Departmental Dialogues: Facilitating Positive Academic Climates to Improve Equity in STEM Disciplines

Maja Husar Holmes, J. Kasi Jackson, Rachel Stoiko

Abstract: This exploratory qualitative study examined faculty responses to a collegiality-building process called Dialogues. The process used a series of discussions and activities to guide faculty members toward a common, mutually beneficially goal, while changing patterns of interaction. The responses revealed how faculty members experienced collegiality-building practices, including individual reflection, small group discussions, idea generation and prioritization, and consensus-building. The study examined faculty responses within STEM departments. We conclude with recommendations for encouraging inclusive and participatory departmental norms and behaviors in order to promote a positive departmental climate, which is crucial to achieving equity in all disciplines of the academia.

Contingencies for Success: Examining Diversity Committees in Higher Education

Raul A. Leon, Damon A. Williams

Abstract: This study focused on an examination of the work of 10 diversity committees operating in 10 research institutions across the midwestern region of the United States. We explored the work of these committees with a focus on the concept of strategic diversity leadership. To conduct this examination we examined five contingencies impacting the work of the committees: a clear definition of diversity, the scope of operation, the importance of committee membership, the role and responsibilities of the committee, and the permanence of the group. Based upon our findings we offer recommendations for diversity committees to contribute to institutional efforts focused on diversity.

An Empirical Assessment of Cooperative Groups in Large, Time-compressed, Introductory Courses

Dawn Vreven and Susan McFadden

Abstract: We measured student knowledge and motivation at the beginning and end of a three-week general psychology course. Two large lecture sections (N = 215 and N = 154) were compared; one used a cooperative learning process, and one did not. Student knowledge significantly improved in both sections, but there was no additional benefit derived from using cooperative learning. Interestingly, student motivation significantly decreased in the cooperative learning section. With recognition of the study's limitations, we conclude that cooperative learning has limited efficacy in large enrollment, compressed courses.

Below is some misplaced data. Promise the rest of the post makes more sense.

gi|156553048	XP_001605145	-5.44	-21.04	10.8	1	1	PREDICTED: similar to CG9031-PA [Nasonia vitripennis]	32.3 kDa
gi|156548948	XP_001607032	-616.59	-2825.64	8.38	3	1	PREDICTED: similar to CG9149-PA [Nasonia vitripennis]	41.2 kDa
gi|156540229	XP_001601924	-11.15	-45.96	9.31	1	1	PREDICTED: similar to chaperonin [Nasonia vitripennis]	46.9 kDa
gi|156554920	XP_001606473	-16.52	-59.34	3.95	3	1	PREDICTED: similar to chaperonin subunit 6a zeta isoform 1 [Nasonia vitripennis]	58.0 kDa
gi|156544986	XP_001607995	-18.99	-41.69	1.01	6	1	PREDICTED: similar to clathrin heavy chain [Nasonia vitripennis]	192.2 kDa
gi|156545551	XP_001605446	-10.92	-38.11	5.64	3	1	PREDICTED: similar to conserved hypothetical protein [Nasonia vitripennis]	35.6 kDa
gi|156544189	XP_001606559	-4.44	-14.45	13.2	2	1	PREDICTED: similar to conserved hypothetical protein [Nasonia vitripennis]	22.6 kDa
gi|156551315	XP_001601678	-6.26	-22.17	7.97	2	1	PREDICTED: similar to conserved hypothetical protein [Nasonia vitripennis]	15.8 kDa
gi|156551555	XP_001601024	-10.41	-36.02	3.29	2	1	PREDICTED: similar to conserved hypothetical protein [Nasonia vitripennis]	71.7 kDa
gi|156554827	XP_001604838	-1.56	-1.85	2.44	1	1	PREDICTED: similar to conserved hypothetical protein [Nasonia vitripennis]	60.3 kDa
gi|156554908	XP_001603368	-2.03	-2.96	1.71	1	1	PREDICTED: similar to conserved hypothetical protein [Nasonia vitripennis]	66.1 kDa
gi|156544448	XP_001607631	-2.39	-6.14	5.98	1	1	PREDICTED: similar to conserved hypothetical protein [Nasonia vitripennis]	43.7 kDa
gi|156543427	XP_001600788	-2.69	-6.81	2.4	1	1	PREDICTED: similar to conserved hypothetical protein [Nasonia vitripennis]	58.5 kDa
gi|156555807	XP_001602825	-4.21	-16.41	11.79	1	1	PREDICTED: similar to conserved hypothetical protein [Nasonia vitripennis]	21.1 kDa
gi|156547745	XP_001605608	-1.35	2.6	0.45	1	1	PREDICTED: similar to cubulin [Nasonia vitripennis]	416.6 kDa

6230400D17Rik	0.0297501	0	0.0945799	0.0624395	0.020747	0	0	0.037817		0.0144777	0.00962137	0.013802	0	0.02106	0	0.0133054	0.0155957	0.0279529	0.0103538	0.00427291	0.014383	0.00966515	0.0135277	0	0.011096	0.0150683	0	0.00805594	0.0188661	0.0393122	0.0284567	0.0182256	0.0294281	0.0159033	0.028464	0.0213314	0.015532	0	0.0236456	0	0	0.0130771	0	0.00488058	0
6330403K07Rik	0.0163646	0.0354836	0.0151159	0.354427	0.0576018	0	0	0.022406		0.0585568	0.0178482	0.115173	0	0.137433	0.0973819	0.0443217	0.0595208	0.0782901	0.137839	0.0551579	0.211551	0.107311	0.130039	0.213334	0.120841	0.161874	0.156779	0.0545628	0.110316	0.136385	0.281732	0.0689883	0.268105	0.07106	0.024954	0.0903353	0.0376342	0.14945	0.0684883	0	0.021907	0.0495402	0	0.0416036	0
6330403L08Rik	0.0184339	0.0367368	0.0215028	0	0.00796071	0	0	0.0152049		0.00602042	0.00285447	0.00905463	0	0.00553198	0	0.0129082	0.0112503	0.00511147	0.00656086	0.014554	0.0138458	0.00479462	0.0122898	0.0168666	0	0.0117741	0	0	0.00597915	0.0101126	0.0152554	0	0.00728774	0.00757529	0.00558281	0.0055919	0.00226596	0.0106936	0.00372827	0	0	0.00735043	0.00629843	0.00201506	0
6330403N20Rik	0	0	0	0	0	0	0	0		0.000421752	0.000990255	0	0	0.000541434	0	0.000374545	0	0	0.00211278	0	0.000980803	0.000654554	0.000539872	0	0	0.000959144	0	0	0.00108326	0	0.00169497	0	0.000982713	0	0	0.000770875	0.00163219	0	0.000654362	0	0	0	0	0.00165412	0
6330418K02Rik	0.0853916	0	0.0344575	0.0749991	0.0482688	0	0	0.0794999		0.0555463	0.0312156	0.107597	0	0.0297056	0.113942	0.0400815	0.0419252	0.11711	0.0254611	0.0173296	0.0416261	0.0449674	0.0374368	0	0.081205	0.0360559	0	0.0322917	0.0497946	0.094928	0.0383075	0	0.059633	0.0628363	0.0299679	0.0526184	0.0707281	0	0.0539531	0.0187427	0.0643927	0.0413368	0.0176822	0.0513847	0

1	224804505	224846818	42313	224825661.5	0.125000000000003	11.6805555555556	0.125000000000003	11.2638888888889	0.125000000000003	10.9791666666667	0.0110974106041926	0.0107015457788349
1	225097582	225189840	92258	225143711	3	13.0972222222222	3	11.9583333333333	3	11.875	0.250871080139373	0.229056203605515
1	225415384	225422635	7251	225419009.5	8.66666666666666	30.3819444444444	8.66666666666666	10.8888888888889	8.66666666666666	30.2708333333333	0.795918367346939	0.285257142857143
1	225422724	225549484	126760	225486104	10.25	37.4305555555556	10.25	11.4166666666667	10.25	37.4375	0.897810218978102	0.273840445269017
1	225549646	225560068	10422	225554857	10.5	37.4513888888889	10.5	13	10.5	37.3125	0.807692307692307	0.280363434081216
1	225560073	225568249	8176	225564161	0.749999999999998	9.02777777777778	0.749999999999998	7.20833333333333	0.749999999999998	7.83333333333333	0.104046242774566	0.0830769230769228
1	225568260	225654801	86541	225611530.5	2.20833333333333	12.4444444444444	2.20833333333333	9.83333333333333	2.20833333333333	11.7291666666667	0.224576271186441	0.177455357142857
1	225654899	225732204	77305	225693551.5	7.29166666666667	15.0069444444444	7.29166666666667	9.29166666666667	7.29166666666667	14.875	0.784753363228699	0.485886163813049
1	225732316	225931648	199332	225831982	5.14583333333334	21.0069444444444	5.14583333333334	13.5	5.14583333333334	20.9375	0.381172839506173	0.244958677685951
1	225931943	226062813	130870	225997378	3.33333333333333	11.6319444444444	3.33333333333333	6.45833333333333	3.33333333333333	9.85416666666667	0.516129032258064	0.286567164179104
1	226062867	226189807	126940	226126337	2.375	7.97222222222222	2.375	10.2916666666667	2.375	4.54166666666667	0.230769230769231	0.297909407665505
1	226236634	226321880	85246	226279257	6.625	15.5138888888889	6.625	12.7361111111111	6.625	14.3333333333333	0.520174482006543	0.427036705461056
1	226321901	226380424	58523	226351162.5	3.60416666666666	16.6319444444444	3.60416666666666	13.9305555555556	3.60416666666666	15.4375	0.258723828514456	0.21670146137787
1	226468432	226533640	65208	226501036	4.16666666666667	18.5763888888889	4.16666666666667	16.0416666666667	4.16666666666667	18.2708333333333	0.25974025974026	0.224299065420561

Factors Most Likely to Contribute to Positive Course Evaluations

Victoria G. VanMaaren, Caroline M. Jaquett, Robert L. Williams

Abstract: The purpose of this study was to determine the extent to which students differentially rated ten factors likely to affect their ratings on overall course evaluations. Students (N = 148) in several sections of an undergraduate educational psychology course indicated their preferences among several designated factors. We found remarkable similarity in the ratings across a variety of subgroups (i.e., high vs. low grades, high vs. low test scores, upper vs. lower classmen, and gender). Good grade emerged as the most highly rated factor for every subgroup, whereas high course standards fell among the less-favored factors.

Mutual Mentoring for Early-Career and Underrepresented Faculty: Model, Research, and Practice

Jung H. Yun, Brian Baldi, Mary Deane Sorcinelli

Abstract: In the beginning, “Mutual Mentoring” was little more than an idea, a hopeful vision of the future in which a new model of mentoring could serve as a medium to better support early-career and underrepresented faculty. Over time, Mutual Mentoring evolved from an innovative idea to an ambitious pilot program to a fully operational, campus-wide initiative. This article describes the conceptualization, design, implementation, and evaluation of a Mutual Mentoring initiative from 2006 to 2014. Findings indicate that faculty members who participated in this initiative were more likely to regard mentoring as a career-enhancing activity as well as to develop mutually beneficial mentoring relationships than were their non-participating peers.